The famous investor David Dreman, who Kiplinger once referred to as the “consummate contrarian”, follows a strategy which capitalizes on the emotional, knee-jerk reactions that make unpopular stocks underpriced, writes Validea CEO John Reese in TheStreet.
This is no coincidence, given Dreman’s knowledge and experience in the area of behavioral finance. Dreman identifies such undervalued companies, Reese explains, by comparing their share prices to four different financial variables that gauge the strength of the underlying business: earnings, cash flow, book value and dividend yield. Reese describes the findings of studies conducted by Dreman from 1970 to 1996 and elaborates on the metrics measured.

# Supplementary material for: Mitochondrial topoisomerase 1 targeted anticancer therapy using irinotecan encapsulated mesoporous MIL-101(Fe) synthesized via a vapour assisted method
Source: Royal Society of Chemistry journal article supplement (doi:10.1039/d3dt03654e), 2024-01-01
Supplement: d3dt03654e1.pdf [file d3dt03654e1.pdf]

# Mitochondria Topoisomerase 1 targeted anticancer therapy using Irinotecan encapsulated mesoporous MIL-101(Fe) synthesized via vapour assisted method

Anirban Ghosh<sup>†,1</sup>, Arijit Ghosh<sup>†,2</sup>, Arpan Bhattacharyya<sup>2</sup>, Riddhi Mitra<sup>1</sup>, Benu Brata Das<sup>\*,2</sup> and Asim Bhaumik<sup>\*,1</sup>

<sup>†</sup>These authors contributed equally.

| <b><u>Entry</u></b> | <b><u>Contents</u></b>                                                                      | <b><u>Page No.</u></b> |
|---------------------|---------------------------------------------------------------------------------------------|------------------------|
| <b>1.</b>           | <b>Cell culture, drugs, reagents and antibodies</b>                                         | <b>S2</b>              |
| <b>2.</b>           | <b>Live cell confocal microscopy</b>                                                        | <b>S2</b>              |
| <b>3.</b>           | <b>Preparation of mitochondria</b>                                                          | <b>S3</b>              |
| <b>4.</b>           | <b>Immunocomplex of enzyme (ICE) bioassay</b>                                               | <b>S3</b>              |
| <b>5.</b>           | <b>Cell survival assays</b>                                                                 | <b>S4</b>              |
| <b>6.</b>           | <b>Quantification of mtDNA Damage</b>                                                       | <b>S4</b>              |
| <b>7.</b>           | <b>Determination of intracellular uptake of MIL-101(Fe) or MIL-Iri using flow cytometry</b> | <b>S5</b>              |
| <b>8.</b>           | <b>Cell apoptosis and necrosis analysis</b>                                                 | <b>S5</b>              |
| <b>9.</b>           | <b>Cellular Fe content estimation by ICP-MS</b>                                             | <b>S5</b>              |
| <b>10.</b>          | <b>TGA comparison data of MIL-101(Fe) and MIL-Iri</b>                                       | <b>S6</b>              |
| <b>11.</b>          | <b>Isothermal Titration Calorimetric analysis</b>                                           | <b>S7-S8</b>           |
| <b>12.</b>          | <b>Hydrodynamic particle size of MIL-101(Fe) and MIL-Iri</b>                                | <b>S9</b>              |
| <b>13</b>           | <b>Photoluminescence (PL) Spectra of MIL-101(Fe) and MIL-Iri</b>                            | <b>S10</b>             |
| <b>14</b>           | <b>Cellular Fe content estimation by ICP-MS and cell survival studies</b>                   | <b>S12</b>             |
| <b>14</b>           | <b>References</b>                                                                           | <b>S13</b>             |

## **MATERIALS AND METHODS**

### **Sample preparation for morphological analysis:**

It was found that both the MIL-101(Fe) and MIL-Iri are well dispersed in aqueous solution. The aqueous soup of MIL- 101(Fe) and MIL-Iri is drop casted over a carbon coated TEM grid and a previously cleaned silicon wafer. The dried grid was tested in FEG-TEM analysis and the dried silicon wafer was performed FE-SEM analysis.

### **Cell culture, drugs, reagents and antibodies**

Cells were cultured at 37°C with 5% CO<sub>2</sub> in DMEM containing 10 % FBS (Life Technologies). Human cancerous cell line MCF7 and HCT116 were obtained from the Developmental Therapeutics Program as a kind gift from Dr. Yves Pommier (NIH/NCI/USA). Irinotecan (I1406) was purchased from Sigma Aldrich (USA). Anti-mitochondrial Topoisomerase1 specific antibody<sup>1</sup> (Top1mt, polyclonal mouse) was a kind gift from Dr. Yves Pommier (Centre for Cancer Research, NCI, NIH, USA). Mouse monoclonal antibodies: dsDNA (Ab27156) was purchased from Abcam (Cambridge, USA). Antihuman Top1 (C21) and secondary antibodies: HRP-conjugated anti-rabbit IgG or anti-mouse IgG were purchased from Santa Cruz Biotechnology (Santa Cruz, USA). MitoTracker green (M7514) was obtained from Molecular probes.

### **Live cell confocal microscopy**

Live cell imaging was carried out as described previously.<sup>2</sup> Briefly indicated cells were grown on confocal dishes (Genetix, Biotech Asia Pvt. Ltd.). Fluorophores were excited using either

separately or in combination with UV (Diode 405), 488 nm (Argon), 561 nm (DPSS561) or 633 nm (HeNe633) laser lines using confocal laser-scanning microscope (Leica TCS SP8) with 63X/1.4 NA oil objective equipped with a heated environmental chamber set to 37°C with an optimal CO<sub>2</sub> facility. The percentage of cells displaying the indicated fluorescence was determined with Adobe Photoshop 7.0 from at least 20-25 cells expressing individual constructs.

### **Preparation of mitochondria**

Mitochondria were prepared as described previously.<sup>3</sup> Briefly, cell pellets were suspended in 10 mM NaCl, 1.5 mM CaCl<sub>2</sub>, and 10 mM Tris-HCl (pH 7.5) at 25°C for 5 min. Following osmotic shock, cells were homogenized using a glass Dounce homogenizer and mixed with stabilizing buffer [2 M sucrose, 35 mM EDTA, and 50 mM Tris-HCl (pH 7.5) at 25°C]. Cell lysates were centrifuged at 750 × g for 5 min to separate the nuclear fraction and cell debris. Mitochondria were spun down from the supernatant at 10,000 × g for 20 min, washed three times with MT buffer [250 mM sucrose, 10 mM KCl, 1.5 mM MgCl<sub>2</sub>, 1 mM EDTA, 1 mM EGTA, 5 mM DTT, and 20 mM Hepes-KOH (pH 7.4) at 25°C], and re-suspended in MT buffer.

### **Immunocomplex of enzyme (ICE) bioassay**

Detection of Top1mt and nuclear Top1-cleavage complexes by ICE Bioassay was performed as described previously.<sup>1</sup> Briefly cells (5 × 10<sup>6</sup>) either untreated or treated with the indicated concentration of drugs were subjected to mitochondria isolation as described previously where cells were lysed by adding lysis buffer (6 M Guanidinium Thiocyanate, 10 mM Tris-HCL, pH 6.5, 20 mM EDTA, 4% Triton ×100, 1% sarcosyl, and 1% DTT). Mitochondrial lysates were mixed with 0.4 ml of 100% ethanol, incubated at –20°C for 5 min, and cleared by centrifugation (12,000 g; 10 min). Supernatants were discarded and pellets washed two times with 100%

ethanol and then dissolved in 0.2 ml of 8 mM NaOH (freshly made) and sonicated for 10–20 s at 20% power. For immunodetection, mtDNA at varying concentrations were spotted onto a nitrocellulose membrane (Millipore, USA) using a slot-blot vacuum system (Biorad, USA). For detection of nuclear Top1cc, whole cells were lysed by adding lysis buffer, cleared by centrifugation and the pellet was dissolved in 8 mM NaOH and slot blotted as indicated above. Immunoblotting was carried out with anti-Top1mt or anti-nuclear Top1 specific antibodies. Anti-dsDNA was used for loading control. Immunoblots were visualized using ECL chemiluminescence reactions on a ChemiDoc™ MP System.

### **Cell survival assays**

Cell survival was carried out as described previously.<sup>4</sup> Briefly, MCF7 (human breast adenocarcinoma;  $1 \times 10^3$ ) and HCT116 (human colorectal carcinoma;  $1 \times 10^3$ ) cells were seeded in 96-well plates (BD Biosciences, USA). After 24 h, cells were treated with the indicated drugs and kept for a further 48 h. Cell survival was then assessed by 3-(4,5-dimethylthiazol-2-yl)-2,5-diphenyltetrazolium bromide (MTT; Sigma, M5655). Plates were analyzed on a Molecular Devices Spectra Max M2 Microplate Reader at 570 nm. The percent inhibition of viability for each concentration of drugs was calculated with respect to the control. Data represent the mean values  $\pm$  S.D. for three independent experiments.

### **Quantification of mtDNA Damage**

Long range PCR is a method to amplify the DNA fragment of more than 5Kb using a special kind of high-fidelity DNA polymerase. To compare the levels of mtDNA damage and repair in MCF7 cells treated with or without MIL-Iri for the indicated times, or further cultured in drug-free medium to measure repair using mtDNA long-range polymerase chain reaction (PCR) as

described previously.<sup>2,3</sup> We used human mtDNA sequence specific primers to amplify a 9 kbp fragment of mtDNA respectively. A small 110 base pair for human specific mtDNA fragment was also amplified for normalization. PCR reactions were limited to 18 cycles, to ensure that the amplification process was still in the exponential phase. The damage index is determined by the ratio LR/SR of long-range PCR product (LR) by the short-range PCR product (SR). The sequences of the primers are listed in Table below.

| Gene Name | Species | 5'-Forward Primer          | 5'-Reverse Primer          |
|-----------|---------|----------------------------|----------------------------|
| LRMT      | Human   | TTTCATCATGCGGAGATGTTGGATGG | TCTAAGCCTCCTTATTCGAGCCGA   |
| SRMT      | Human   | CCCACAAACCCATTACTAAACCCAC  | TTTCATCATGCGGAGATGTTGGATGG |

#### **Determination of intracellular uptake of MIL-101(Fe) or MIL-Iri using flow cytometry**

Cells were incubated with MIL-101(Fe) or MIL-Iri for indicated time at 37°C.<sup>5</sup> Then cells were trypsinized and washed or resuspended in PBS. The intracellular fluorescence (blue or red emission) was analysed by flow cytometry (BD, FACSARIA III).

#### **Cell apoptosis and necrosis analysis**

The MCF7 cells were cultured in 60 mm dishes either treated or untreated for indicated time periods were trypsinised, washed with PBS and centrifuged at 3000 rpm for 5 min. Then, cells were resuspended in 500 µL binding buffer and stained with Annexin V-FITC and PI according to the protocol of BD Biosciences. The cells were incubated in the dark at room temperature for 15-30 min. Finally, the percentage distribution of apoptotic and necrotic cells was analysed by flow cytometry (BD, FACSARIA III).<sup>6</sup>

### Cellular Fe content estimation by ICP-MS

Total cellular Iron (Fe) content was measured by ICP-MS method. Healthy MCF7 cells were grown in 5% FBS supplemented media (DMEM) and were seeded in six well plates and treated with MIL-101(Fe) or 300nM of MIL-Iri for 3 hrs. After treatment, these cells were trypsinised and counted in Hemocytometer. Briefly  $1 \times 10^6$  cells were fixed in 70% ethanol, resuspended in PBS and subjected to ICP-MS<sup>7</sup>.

He also highlights the strong performance of Validea’s Dreman-based model portfolio in 2016 (after a few challenging years), evidenced by returns of 25.7% versus the S&P 500’s 9.5% gains. Using his Dreman-inspired stock screening model, Reese identifies the following high-scoring picks: